In the days following the Boston Marathon bombing, speculation swirled on the internet and in the media as to the identity of the perpetrator(s).
Was it one man? Was he American? It was Patriot Day, after all, and also tax-filing deadline day, and the anniversary week of the Oklahoma City bombing, as well as of the siege at Waco. To this day, Timothy McVeigh has no shortage of admirers among a certain demographic. But speculation of this sort in the immediate aftermath of a tragic event can have dangerous consequences.
Social media, and some of the mainstream media, split into three camps: those who hoped the perpetrator turned out to be a domestic white man, and those who howled for foreign blood. The third camp urged others to withhold judgement, but almost no one listened to them. The difference between the media and everyone else is that most reputable news outlets maintain some pretence of journalistic standards, with teams of lawyers advising them over every word, as well as a scale of exposure to the public that prevents them from engaging in baseless speculation for fear of stirring up meaningless hysteria. No such standard exists for social media.
The advent of the internet was supposed to relentlessly expose falsehoods and conspiracies, but instead seems to have had an amplifying effect.
In the days after the identities of the actual perpetrators were made public and they were on the run, several remarkable things happened. The 19-year-old bomber, Dzhokhar, went to school as if nothing happened and on Wednesday night attended a party. Hours after the bombings on Monday, he tweeted a snippet from Jay-Z, “Ain’t no love in the heart of the city, stay safe people,” and then while he and his brother were on the run, “I’m a stress-free kind of guy.”
An aunt of the two men, a lawyer-in-training who lives in Etobicoke, stood incredulously in front of a horde of reporters, cocking her eyebrow dramatically and challenging them directly. “All these pictures are on the computer,” she shouted, demanding, as she imagined a real lawyer might, to see evidence. “I have to see them. You have to have a motive first — something that would drive you to some actions. They cannot go crazy or mad or sick just for one day. As far as I know, they are fine. I don’t trust the FBI. Show me evidence.”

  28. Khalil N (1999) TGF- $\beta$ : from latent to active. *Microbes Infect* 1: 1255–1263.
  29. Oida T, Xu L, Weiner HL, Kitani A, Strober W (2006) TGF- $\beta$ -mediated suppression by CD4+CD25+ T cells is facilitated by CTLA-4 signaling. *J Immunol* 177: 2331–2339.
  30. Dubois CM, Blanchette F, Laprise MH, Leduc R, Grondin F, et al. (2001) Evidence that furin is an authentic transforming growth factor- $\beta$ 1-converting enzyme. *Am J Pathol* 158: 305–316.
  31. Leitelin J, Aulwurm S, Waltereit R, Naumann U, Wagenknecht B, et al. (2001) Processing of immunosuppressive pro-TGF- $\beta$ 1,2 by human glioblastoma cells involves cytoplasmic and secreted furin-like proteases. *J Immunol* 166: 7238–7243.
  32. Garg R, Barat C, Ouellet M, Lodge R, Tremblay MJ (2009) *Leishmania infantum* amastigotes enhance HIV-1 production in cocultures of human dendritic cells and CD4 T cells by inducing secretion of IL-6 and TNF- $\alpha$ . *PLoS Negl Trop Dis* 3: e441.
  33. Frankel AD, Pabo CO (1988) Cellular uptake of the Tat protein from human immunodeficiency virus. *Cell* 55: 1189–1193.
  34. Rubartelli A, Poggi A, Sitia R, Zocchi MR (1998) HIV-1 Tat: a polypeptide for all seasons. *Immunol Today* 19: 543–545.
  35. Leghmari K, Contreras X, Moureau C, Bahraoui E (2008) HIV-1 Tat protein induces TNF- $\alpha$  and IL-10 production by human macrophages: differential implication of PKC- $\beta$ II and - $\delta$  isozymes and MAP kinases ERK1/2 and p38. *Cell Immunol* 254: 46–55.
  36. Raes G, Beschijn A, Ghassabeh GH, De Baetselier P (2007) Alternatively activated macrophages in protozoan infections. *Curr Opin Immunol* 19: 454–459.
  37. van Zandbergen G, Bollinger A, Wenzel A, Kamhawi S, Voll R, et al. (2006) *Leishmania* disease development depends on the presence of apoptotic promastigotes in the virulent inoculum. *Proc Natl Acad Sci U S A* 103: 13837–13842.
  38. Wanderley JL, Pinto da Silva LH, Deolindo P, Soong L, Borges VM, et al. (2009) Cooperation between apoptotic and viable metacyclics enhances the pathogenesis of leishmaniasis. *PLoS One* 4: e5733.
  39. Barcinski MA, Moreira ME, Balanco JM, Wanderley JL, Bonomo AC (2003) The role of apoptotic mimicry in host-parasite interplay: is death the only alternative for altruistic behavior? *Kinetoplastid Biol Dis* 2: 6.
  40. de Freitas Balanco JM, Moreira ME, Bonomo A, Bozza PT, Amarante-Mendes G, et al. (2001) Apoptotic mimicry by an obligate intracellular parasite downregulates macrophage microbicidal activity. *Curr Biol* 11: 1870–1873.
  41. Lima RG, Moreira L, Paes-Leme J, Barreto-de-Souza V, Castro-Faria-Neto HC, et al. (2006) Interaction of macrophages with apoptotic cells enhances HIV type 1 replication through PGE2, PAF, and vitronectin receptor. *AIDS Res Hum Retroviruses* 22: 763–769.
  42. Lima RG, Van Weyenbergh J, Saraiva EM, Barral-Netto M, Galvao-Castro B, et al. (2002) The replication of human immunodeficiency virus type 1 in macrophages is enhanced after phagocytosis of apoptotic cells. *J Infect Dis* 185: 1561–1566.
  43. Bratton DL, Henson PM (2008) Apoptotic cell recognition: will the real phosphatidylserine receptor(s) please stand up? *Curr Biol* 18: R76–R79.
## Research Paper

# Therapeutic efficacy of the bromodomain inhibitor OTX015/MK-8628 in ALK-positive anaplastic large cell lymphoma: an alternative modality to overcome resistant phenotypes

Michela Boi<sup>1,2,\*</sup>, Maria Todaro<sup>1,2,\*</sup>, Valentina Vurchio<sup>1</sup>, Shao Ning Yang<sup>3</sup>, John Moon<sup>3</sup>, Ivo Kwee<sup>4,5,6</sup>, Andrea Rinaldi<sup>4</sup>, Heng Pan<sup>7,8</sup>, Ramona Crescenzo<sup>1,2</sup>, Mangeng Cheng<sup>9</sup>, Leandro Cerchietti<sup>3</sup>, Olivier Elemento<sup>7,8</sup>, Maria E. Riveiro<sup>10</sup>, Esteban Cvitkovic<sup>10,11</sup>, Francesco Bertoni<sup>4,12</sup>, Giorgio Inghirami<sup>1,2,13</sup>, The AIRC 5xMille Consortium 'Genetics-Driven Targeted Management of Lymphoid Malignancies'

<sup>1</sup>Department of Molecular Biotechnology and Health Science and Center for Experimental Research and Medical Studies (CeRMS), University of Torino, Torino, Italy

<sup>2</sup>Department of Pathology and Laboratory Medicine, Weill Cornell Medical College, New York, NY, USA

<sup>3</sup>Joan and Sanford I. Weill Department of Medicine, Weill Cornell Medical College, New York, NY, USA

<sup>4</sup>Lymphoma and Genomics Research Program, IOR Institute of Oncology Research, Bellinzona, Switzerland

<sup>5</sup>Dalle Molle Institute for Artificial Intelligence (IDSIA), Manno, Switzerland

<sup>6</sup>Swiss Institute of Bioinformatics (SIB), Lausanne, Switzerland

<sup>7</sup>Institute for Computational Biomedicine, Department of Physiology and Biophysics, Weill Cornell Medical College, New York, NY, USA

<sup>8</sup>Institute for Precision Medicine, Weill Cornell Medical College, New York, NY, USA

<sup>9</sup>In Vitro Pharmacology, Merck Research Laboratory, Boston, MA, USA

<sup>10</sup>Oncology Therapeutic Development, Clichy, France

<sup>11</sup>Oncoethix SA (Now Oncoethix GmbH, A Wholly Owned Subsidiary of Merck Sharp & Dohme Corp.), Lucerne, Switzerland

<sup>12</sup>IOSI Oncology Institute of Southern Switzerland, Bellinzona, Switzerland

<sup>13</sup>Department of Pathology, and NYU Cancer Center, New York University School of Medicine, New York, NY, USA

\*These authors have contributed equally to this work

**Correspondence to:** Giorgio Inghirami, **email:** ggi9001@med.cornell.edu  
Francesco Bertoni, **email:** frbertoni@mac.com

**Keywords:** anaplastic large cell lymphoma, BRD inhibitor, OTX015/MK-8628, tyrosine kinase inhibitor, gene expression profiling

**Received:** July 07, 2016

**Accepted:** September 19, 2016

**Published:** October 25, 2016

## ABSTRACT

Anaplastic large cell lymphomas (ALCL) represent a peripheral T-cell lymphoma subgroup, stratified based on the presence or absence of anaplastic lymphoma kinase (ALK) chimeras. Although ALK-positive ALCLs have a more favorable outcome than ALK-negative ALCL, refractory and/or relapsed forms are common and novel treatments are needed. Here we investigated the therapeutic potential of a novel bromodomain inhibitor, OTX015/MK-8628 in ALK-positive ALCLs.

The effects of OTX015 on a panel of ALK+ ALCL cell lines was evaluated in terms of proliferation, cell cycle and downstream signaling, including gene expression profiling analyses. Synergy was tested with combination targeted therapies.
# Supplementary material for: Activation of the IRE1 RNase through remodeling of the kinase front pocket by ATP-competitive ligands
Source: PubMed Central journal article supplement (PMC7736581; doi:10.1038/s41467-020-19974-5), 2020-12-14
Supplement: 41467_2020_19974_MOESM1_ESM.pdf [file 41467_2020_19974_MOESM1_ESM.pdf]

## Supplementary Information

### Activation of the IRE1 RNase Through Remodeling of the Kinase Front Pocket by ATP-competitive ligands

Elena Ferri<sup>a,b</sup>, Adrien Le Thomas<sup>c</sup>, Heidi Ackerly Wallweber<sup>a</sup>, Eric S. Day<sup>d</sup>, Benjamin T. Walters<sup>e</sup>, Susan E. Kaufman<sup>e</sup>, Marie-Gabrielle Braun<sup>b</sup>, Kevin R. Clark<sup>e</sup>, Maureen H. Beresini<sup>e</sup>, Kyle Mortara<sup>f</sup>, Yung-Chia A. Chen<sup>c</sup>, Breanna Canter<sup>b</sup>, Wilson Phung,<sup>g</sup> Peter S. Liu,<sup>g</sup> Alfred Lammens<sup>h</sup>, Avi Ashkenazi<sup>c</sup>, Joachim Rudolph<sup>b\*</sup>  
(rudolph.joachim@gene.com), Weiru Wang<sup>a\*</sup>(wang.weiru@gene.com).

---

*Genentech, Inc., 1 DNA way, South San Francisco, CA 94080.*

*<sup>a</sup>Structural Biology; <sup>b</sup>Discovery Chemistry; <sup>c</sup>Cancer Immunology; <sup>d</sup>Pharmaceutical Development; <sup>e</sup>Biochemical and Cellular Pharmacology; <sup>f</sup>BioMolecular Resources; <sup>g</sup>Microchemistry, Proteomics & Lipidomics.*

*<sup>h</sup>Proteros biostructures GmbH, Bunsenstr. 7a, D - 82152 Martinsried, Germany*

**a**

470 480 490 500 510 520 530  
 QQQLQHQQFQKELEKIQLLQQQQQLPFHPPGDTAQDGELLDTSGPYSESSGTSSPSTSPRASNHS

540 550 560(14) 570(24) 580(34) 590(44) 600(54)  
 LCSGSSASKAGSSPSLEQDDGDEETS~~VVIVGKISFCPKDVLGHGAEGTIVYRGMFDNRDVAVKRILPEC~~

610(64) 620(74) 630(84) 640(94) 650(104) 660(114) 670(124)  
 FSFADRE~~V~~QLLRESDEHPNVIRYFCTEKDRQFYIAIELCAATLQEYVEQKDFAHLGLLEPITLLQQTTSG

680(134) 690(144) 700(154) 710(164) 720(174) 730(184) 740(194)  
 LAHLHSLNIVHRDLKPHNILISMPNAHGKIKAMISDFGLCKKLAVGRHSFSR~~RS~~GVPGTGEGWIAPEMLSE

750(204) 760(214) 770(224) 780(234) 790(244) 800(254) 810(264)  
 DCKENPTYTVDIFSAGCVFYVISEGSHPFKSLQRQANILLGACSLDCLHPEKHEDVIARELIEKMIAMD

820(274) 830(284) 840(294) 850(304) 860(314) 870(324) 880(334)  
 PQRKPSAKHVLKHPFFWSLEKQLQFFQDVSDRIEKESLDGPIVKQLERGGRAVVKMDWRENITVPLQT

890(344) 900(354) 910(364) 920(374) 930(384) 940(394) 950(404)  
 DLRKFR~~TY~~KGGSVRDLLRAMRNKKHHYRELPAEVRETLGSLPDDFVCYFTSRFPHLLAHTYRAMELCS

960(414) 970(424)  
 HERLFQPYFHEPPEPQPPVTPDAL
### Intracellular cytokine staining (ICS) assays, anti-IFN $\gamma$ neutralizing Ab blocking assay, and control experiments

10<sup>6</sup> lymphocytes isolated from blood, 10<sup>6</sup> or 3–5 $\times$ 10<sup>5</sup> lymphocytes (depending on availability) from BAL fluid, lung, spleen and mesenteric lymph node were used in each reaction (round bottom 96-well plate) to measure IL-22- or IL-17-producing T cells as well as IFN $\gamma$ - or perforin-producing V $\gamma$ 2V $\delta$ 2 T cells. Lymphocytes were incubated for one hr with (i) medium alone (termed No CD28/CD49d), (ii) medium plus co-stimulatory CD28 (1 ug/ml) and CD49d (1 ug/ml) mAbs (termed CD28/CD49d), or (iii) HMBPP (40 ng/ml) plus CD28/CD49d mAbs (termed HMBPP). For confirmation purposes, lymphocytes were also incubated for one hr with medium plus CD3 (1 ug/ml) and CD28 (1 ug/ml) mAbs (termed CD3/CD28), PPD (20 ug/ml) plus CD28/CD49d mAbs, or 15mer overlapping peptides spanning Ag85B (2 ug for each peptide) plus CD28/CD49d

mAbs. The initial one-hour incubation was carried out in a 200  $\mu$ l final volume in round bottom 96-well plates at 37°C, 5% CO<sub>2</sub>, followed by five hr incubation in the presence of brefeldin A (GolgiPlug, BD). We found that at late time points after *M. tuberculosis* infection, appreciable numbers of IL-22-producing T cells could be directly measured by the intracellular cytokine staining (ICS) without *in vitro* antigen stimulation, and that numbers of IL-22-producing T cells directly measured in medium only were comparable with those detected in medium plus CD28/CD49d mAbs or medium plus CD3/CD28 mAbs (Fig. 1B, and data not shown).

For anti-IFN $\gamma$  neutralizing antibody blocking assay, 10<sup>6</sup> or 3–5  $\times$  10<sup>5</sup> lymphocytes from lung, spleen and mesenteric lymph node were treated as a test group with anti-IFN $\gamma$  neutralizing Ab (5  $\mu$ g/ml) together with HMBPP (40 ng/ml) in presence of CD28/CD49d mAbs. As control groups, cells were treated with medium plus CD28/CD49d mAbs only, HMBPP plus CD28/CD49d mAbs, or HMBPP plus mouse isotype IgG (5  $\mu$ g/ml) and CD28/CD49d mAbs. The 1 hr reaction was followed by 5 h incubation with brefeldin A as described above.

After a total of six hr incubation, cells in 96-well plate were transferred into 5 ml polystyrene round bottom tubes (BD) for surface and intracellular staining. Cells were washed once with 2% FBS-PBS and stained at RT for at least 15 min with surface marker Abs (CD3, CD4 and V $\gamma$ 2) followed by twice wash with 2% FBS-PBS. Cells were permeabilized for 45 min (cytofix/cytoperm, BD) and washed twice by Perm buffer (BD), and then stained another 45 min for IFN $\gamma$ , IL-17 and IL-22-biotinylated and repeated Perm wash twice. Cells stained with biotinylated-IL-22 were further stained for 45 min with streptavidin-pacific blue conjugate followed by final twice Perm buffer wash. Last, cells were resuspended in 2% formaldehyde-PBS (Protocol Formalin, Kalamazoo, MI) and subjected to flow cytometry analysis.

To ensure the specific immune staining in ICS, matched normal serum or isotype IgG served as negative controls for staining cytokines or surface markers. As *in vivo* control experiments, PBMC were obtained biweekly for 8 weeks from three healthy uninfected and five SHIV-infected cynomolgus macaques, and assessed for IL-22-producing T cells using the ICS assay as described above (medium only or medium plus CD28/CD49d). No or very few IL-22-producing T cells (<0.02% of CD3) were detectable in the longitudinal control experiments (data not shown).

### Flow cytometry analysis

Many people, including friends and members of the young men’s own family, expressed outrage and skepticism that their “angels” could have committed the crime. Their mother, Zubeidat Tsarnaeva, speaking from Makhachkala in Dagestan to the Russia Today network, said, “I am 100% sure that this is a set-up. My two sons are really innocent. My son would never do this. It is a set-up. It’s impossible for them to do such things. My son would never keep a secret. If there is anyone who would know, it would be me, mother.” Dzhokhar’s friends were also shocked, for different reasons. They, too, were surprised that their mild-mannered friend could have a violent side. But where the mother painted a picture of her sons as star athletes, excellent students, and men that the FBI feared, Dzhokhar’s friends described a decent enough kid with failing grades who smoked a lot of weed.
Ruslan Tsarni, meanwhile, a lawyer uncle of the young Tsarnayevs, spoke to the media outside his suburban home in Washington, D.C., while Tamerlan and Dzhokhar were on the run and Boston and its surrounding areas were in lockdown. He was succinct in his evaluation. Asked by a reporter for a possible motive for his nephews’ actions, he replied, “What I think was behind it: Being losers.”
Then there were the reactions of people who’d never met the pair. The advent of the internet was supposed to relentlessly expose falsehoods and conspiracies, but instead seems to have had an amplifying effect. And while we have certainly seen a lot less bigfoot and UFO mania since the unverifiable 1970s (did they even happen?), there seems to be a whole lot more sinister nonsense floating around. Stuff that you’d think would be easy to debunk, given today’s easy access to cross-referencing.